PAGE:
|US5418678||2 Sep 1993||23 May 1995||Hubbell Incorporated||Manually set ground fault circuit interrupter|
|US5448443||29 Jul 1992||5 Sep 1995||Suvon Associates||Power conditioning device and method|
|US5477412||8 Jul 1993||19 Dec 1995||Leviton Manufacturing Co., Inc.||Ground fault circuit interrupter incorporating miswiring prevention circuitry|
|US5510760||24 Oct 1994||23 Apr 1996||Pass & Seymour, Inc.||Ground fault interrupter wiring device with improved latching and actuating components|
|US5515218||5 Oct 1993||7 May 1996||Dehaven; Jeff L.||Ground fault circuit interrupter, circuit, circuit tester and method|
|US5517165||28 Feb 1994||14 May 1996||Pdl Holdings Limited||Switch mechanism|
|US5541800||22 Mar 1995||30 Jul 1996||Hubbell Incorporated||Reverse wiring indicator for GFCI receptacles|
|US5555150||19 Apr 1995||10 Sep 1996||Lutron Electronics Co., Inc.||Surge suppression system|
|US5576580||19 Dec 1994||19 Nov 1996||Hitachi, Ltd.||DC power supply circuit|
|US5594398||24 Oct 1994||14 Jan 1997||Pass & Seymour, Inc.||Ground fault interrupter wiring device with improved moveable contact system|
|US5600524||4 May 1995||4 Feb 1997||Leviton Manufacturing Co., Inc.||Intelligent ground fault circuit interrupter|
|US5617284||5 Aug 1994||1 Apr 1997||Paradise; Rick||Power surge protection apparatus and method|
|US5625285||1 Jun 1995||29 Apr 1997||A. W. Sperry Instruments, Inc.||AC power outlet ground integrity and wire test circuit device|
|US5637000||31 Jan 1996||10 Jun 1997||Pass & Seymour, Inc.||Electrical wiring device with ground strap shorting protection|
|US5654857||19 Jul 1995||5 Aug 1997||Leviton Manufacturing Co., Inc.||Ground fault circuit interrupt system including auxiliary surge suppression ability|
|US5655648||1 May 1996||12 Aug 1997||General Electric Company||Modular accessory mechanical lock-out mechanism|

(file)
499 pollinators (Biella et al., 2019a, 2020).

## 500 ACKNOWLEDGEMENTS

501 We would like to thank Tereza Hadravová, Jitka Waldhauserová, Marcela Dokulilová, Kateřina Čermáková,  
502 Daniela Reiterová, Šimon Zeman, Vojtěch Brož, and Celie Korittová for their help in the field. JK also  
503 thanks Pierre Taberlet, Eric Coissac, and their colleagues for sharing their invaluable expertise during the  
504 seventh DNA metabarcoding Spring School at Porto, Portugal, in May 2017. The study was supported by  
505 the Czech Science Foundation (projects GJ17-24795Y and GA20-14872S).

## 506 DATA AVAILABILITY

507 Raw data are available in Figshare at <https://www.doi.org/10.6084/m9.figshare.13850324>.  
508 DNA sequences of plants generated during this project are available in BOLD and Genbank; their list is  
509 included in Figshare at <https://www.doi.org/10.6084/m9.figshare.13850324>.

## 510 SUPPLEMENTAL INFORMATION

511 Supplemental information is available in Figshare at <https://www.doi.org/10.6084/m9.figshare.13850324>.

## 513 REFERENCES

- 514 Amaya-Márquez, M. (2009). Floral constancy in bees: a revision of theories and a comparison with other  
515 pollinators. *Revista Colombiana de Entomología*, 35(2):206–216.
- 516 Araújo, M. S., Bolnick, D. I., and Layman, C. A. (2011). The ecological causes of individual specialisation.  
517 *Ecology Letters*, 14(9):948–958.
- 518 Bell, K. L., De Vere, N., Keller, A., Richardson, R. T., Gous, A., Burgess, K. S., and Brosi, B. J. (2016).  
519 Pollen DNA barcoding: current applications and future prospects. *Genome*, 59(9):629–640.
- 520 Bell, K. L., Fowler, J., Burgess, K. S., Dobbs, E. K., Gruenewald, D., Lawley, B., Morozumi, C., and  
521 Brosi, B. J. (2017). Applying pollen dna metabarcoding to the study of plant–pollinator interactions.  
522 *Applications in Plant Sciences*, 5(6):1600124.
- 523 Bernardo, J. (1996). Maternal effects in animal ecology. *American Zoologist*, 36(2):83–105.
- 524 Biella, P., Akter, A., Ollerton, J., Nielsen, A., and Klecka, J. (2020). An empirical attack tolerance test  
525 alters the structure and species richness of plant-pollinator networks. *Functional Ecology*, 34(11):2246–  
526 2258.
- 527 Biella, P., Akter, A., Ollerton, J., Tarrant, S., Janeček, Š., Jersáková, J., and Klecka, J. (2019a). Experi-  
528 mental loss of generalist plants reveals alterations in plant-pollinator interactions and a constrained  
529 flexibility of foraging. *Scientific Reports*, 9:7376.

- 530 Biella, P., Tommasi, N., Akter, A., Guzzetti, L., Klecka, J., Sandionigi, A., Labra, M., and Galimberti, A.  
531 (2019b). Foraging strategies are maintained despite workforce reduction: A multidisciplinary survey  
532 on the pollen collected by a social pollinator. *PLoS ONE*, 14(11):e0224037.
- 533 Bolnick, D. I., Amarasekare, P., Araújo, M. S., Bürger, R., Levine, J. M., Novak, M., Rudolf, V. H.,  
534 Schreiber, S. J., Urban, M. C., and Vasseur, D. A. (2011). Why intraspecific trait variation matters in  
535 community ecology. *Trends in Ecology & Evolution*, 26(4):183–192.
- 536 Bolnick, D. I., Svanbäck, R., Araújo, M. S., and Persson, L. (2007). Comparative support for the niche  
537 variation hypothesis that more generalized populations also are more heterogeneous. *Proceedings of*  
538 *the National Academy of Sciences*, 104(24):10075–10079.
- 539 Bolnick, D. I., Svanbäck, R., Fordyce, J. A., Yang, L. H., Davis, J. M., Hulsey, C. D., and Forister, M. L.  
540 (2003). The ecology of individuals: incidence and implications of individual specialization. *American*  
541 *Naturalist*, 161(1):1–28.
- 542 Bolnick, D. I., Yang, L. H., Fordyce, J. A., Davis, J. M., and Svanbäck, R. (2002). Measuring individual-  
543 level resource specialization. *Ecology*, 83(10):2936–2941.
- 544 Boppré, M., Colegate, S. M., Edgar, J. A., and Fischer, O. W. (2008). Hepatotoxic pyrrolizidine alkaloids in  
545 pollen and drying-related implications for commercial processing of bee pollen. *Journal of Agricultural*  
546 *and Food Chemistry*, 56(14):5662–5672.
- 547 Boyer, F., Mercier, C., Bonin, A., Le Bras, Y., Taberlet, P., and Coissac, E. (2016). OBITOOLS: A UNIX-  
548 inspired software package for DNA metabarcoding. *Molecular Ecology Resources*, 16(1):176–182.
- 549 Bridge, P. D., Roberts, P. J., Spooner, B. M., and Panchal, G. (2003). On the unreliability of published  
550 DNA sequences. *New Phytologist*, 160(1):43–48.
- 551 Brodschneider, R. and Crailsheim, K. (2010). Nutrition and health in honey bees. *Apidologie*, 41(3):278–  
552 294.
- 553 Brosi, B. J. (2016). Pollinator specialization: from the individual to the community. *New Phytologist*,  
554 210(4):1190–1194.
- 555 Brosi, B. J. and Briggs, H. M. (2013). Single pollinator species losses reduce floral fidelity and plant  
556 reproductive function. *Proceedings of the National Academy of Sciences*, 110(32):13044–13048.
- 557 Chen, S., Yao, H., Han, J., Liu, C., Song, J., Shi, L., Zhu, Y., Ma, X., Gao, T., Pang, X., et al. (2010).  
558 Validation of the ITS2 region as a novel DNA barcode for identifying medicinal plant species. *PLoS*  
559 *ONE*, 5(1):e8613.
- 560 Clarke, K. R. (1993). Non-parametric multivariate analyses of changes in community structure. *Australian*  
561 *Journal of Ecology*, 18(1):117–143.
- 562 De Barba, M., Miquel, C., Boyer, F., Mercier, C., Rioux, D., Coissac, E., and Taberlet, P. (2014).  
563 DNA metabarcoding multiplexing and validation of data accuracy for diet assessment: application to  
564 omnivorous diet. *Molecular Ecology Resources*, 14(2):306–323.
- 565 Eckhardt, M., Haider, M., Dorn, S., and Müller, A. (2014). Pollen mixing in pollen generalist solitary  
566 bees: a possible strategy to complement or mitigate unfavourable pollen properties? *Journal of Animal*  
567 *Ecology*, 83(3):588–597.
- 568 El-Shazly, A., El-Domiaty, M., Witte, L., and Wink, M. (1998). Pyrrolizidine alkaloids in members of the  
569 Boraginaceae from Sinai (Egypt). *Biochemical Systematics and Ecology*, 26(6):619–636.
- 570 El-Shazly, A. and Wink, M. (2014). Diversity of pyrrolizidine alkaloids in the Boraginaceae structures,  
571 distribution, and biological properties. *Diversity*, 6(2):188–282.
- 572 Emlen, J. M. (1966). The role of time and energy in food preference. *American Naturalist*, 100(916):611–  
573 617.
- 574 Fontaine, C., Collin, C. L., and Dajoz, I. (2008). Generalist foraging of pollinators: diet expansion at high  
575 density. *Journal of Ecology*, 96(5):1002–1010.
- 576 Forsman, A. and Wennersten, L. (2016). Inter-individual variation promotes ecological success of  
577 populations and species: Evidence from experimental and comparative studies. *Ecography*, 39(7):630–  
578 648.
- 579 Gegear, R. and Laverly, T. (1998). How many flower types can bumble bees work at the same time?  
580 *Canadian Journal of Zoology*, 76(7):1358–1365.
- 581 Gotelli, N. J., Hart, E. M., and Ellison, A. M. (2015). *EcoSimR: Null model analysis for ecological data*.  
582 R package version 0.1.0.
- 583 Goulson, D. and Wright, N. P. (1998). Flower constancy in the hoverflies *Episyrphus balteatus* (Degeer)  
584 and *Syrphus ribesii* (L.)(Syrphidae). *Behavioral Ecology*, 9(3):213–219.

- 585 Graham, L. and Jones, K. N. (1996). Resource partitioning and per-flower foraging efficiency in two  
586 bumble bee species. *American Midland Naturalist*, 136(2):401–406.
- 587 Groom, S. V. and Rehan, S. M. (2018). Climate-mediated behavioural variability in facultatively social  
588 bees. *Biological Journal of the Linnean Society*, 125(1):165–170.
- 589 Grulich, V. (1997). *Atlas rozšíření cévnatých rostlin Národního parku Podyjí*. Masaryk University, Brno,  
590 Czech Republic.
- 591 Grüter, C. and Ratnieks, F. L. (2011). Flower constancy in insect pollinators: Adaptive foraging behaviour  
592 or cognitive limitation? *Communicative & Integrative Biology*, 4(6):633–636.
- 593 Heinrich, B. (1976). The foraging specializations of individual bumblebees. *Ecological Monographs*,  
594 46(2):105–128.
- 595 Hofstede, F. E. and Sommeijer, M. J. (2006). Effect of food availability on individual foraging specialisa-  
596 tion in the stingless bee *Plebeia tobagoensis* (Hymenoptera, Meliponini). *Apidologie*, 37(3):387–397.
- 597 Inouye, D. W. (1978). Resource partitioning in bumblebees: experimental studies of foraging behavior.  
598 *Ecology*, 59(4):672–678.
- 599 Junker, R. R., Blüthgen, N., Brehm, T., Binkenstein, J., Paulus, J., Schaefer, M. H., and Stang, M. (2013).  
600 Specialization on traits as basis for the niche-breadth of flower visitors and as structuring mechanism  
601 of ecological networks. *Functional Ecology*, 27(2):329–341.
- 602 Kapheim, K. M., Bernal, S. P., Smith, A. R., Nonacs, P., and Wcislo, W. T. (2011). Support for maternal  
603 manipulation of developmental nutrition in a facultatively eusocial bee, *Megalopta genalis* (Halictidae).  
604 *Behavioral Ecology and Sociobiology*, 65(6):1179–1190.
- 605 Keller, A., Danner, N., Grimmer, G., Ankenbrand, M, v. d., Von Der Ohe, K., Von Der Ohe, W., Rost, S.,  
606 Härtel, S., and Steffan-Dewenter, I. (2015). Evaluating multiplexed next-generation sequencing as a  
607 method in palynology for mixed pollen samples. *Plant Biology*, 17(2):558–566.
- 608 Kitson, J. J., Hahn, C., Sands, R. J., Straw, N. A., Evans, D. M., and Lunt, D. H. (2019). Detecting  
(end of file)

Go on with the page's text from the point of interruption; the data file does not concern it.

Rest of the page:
|US5661623||22 May 1995||26 Aug 1997||Hubbell Corporation||Ground fault circuit interrupter plug|
|US5680287||16 Aug 1996||21 Oct 1997||Leviton Manufacturing Co., Inc.||In-line cord ground fault circuit interrupter|
|US5694280||15 Jan 1997||2 Dec 1997||Pacific Sources, Inc.||Resettable latch mechanism|
|US5699243||29 Mar 1995||16 Dec 1997||Hubbell Incorporated||Motion sensing system with adaptive timing for controlling lighting fixtures|
|US5706155||14 Nov 1996||6 Jan 1998||Leviton Manufacturing Co., Inc.||Ground fault circuit interrupter incorporating miswiring prevention circuitry|
|US5710399||1 May 1996||20 Jan 1998||General Electric Company||Electronic trip unit conversion kit for high ampere-rated circuit breakers|
|US5715125||28 Jan 1997||3 Feb 1998||Leviton Manufacturing Co., Inc.||Intelligent ground fault circuit interrupter|
|US5729417||15 Dec 1995||17 Mar 1998||Leviton Manufacturing Co., Inc.||Ground fault circuit interrupter incorporating miswiring prevention circuitry|
|US5757145||15 Mar 1996||26 May 1998||Beacon Light Products, Inc.||Dimming control system and method for a fluorescent lamp|
|US5805397||29 Sep 1997||8 Sep 1998||Eaton Corporation||Arcing fault detector with multiple channel sensing and circuit breaker incorporating same|
|US5815363||1 Oct 1996||29 Sep 1998||Defond Manufacturing Limited||Circuit breaker|
|US5825602||25 Mar 1997||20 Oct 1998||Fuji Electric Co., Ltd.||Overcurrent trip device|
|US5844765||23 Oct 1997||1 Dec 1998||Hosiden Corporation||Power plug with a slidable lid covering a circuit protector reset knob|
|US5847913||21 Feb 1997||8 Dec 1998||Square D Company||Trip indicators for circuit protection devices|
|US5875087||8 Aug 1996||23 Feb 1999||George A. Spencer||Circuit breaker with integrated control features|